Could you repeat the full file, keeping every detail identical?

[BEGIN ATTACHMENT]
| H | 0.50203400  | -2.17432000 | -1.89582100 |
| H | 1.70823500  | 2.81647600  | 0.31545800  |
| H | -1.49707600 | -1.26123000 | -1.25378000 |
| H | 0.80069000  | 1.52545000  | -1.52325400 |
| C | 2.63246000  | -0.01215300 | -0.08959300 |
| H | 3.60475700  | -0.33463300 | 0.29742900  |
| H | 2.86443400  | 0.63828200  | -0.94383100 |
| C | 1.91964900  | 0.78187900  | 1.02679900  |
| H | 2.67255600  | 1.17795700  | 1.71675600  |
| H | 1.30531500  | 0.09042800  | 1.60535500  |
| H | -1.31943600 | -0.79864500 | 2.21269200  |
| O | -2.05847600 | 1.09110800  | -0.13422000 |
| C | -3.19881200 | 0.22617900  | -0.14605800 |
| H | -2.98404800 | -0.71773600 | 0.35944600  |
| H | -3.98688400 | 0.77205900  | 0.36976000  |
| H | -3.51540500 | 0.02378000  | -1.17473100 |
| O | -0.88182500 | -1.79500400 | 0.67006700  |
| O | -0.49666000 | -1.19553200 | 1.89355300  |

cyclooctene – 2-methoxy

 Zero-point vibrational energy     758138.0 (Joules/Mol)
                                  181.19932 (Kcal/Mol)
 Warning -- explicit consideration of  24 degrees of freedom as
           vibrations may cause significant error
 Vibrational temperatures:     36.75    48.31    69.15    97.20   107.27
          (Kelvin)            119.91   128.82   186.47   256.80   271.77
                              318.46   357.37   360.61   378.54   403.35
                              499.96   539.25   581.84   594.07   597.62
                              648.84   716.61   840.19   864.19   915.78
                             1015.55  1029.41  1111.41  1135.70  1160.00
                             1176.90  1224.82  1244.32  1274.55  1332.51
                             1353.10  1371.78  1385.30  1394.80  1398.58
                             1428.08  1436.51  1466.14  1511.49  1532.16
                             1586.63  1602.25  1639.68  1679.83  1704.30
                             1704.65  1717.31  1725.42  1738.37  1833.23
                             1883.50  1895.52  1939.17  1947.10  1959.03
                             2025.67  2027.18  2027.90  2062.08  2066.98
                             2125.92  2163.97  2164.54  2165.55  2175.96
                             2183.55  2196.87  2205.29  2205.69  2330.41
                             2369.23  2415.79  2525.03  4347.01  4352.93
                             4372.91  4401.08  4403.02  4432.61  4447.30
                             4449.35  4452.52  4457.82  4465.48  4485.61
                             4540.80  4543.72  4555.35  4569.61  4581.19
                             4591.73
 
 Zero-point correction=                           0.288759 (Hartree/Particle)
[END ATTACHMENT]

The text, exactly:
| H | 0.50203400  | -2.17432000 | -1.89582100 |
| H | 1.70823500  | 2.81647600  | 0.31545800  |
| H | -1.49707600 | -1.26123000 | -1.25378000 |
| H | 0.80069000  | 1.52545000  | -1.52325400 |
| C | 2.63246000  | -0.01215300 | -0.08959300 |
| H | 3.60475700  | -0.33463300 | 0.29742900  |
| H | 2.86443400  | 0.63828200  | -0.94383100 |
| C | 1.91964900  | 0.78187900  | 1.02679900  |
| H | 2.67255600  | 1.17795700  | 1.71675600  |
| H | 1.30531500  | 0.09042800  | 1.60535500  |
| H | -1.31943600 | -0.79864500 | 2.21269200  |
| O | -2.05847600 | 1.09110800  | -0.13422000 |
| C | -3.19881200 | 0.22617900  | -0.14605800 |
| H | -2.98404800 | -0.71773600 | 0.35944600  |
| H | -3.98688400 | 0.77205900  | 0.36976000  |
| H | -3.51540500 | 0.02378000  | -1.17473100 |
| O | -0.88182500 | -1.79500400 | 0.67006700  |
| O | -0.49666000 | -1.19553200 | 1.89355300  |

cyclooctene – 2-methoxy

 Zero-point vibrational energy     758138.0 (Joules/Mol)
                                  181.19932 (Kcal/Mol)
 Warning -- explicit consideration of  24 degrees of freedom as
           vibrations may cause significant error
 Vibrational temperatures:     36.75    48.31    69.15    97.20   107.27
          (Kelvin)            119.91   128.82   186.47   256.80   271.77
                              318.46   357.37   360.61   378.54   403.35
                              499.96   539.25   581.84   594.07   597.62
                              648.84   716.61   840.19   864.19   915.78
                             1015.55  1029.41  1111.41  1135.70  1160.00
                             1176.90  1224.82  1244.32  1274.55  1332.51
                             1353.10  1371.78  1385.30  1394.80  1398.58
                             1428.08  1436.51  1466.14  1511.49  1532.16
                             1586.63  1602.25  1639.68  1679.83  1704.30
                             1704.65  1717.31  1725.42  1738.37  1833.23
                             1883.50  1895.52  1939.17  1947.10  1959.03
                             2025.67  2027.18  2027.90  2062.08  2066.98
                             2125.92  2163.97  2164.54  2165.55  2175.96
                             2183.55  2196.87  2205.29  2205.69  2330.41
                             2369.23  2415.79  2525.03  4347.01  4352.93
                             4372.91  4401.08  4403.02  4432.61  4447.30
                             4449.35  4452.52  4457.82  4465.48  4485.61
                             4540.80  4543.72  4555.35  4569.61  4581.19
                             4591.73
 
 Zero-point correction=                           0.288759 (Hartree/Particle)